The pipets may then be drained and placed in a cylinder or jar of dissolved detergent or, if exceptionally dirty, in a jar of chromic acid cleaning solution. After soaking for several hours, or overnight, drain the pipets and run tap water over and through them until all traces of dirt are removed. Soak the pipets in distilled water for at least one hour. Remove from the distilled water, rinse, dry the outside with a cloth, shake the water out and dry.
Blood Cell Count Diluting Pipets
After use, rinse thoroughly with cool tap water, distilled water, alcohol, or acetone, and then ether.
Dry by suction. Do not blow into the pipets as this will cause moisture to condense on the inside of the pipet.
To remove particles of coagulated blood or dirt, a cleaning solution should be used. One type of solution will suffice in one case, whereas a stronger solution may be required in another. It is best to fill the pipet with the cleaning solution and allow to stand overnight. Sodium hypochlorite (laundry bleach) or a detergent may be used. Hydrogen peroxide is also useful. In difficult cases, use concentrated nitric acid. Some particles may require loosening with a horse hare or piece of fine wire. Take care not to scratch the inside of the pipet.
Automatic Pipet Washers
Where a large number of pipets are used daily, it is convenient to use an automatic pipet washer. Some of these, made of metal, can be connected directly by permanent fixtures to the hot and old water supplies. Others, such as those made with polyethlyene, can be attached to the water supplies by rubber hose. Polyethylene baskets and jars may be sued for soaking and rinsing pipets in chromic acid cleaning solution. Electrically heated metallic pipets dryers are also available.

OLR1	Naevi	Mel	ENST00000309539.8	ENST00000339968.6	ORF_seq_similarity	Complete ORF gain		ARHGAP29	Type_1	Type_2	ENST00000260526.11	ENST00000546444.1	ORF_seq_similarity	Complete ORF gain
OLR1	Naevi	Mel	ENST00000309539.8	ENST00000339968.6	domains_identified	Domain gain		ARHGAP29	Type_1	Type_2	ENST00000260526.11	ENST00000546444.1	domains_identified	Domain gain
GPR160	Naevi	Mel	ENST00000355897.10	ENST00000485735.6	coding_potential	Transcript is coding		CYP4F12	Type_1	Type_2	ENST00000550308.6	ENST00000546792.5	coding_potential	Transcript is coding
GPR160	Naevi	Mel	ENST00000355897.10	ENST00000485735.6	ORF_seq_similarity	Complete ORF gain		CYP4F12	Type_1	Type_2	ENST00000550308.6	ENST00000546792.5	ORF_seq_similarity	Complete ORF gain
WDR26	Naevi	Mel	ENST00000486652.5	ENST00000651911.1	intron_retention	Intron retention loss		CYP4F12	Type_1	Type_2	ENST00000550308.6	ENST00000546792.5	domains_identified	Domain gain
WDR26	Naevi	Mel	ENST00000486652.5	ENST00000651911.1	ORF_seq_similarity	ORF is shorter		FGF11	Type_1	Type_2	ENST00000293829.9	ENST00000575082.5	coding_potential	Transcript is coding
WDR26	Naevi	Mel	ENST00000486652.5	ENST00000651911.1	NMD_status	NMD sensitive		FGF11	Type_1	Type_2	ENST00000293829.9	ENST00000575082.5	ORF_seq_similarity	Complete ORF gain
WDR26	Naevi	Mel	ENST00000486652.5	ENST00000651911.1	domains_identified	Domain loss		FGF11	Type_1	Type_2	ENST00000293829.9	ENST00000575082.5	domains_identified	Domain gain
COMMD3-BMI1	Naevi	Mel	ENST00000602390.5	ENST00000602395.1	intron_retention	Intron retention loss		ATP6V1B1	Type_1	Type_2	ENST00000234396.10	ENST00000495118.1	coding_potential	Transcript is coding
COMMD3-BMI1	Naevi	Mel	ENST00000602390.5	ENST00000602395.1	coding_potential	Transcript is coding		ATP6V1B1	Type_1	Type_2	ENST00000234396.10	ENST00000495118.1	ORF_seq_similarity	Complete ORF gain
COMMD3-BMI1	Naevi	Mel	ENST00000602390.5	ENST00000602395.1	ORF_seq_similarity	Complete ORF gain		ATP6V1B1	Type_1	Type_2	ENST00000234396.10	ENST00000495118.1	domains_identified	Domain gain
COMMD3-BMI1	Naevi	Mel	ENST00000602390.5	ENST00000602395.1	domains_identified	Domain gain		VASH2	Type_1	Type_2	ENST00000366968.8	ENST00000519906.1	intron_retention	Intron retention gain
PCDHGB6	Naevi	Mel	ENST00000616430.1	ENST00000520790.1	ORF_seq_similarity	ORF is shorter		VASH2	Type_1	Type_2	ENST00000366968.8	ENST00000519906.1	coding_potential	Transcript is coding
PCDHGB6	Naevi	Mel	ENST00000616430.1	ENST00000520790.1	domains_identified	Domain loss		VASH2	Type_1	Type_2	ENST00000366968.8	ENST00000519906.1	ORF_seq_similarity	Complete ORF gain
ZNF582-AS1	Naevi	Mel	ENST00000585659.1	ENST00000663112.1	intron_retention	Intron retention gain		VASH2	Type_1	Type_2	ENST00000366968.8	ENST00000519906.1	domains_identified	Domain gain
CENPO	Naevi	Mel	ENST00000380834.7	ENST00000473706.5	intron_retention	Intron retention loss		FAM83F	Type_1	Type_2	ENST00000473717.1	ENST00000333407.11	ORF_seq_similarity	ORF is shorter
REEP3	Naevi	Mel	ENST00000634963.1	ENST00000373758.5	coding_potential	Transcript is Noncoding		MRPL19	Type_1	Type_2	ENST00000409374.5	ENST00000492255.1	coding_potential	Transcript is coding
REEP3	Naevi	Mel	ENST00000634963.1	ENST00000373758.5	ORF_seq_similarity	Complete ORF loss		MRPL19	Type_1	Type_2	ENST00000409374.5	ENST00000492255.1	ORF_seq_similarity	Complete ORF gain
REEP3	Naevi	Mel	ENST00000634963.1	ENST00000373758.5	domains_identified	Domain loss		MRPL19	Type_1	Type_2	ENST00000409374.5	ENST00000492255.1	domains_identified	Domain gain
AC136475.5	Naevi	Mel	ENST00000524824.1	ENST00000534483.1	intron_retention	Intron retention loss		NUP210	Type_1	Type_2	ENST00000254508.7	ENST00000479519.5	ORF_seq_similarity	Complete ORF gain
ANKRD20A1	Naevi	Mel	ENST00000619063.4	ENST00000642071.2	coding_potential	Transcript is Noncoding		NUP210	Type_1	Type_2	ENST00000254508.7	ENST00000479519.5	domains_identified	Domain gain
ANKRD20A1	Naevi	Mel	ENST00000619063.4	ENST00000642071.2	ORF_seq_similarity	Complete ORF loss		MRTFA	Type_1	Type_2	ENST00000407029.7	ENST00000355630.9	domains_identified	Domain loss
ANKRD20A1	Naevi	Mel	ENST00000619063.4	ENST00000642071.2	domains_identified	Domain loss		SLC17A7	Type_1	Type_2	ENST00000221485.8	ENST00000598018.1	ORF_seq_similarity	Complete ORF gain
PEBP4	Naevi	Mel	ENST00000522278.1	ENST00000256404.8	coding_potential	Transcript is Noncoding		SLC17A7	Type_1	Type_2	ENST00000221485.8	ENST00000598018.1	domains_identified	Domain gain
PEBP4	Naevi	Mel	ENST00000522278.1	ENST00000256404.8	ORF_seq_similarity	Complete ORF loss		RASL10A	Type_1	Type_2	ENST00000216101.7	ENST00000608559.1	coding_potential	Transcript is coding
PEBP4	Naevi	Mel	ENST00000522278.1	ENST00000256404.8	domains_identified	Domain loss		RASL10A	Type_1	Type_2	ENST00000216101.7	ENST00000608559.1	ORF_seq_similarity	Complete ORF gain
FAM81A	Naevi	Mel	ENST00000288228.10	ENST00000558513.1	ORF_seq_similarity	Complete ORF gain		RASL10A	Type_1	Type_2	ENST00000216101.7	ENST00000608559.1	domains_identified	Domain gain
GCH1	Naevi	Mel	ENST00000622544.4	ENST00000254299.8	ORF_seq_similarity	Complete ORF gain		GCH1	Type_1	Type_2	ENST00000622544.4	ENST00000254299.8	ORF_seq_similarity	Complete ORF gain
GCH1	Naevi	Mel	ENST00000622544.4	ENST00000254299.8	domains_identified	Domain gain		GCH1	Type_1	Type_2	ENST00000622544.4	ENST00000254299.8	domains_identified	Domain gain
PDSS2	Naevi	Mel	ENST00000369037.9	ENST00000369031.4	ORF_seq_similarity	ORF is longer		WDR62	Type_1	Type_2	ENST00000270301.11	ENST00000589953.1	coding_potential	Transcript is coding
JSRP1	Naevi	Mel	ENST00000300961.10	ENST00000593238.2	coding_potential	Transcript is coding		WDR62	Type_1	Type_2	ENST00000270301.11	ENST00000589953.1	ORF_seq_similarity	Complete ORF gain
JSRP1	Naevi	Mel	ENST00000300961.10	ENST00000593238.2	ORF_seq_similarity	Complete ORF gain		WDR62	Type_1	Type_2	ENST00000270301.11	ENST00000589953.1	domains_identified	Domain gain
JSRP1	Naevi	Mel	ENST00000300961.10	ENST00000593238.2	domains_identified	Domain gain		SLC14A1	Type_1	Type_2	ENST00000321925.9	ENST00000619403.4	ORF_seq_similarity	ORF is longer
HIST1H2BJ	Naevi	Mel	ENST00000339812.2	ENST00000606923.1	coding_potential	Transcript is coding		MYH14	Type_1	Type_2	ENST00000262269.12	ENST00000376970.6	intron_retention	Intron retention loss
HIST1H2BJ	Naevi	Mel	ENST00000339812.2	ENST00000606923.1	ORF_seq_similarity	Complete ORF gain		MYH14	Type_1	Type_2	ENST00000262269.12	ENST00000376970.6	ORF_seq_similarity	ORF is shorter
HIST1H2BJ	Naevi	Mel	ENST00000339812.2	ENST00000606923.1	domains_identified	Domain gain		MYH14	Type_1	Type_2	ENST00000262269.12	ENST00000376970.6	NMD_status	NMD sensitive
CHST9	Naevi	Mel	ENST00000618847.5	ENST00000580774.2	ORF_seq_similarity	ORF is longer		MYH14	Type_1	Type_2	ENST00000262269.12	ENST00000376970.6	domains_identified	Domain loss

After drying, place pipets in a dust-free drawer. Wrap serologic and bacteriologic pipets in paper or place in pipet cans and sterilize in the dry air sterilizer. Pipets used for transferring infectious material should have a cotton plug placed in the top end of the pipet before sterilizing. The plug will present the material being drawn accidentally into the pipetting device.
General Use and Care Recommendations
- Proper care and handling of PyrexPlus labware or any labware will greatly increase its life and increase the safety of your work place.
- Do not place PyrexPlus labware over direct heat or open flame.
- The recommended temperature use range for PyrexPlus labware is 10°C to 80°C.
- Do not continuously expose PyrexPlus labware to heat above 80°C.
- Do not expose to dry heat in dishwasher above 110°C (230°F). Drying time should not exceed 15 minutes at 110°C (230°F).
- Do not autoclave above 121°C (250°F). Sterilizing time should not exceed 15 minutes.
- Do not refrigerate below -20°C (-4°F).
- Do not remove the protective coating. Do not
- use a vessel on which the coating is hardened, darkened or otherwise damaged.
- Do not use PyrexPlus labware to store
- hazardous chemical below room temperature.
- Do not allow prolonged or repeated exposure
- of the coating to strong acids or solvents.
- Do not use a vessel once the glass is broken, immediately transfer the contents of a broken vessel to an approved container and properly
- dispose of the broken vessel.
- Do not incinerate discarded vessels. Place in proper disposal containers.
Disclaimer: Cole-Parmer products are not approved or intended for, and should not be used for medical, clinical, surgical or other patient-oriented applications.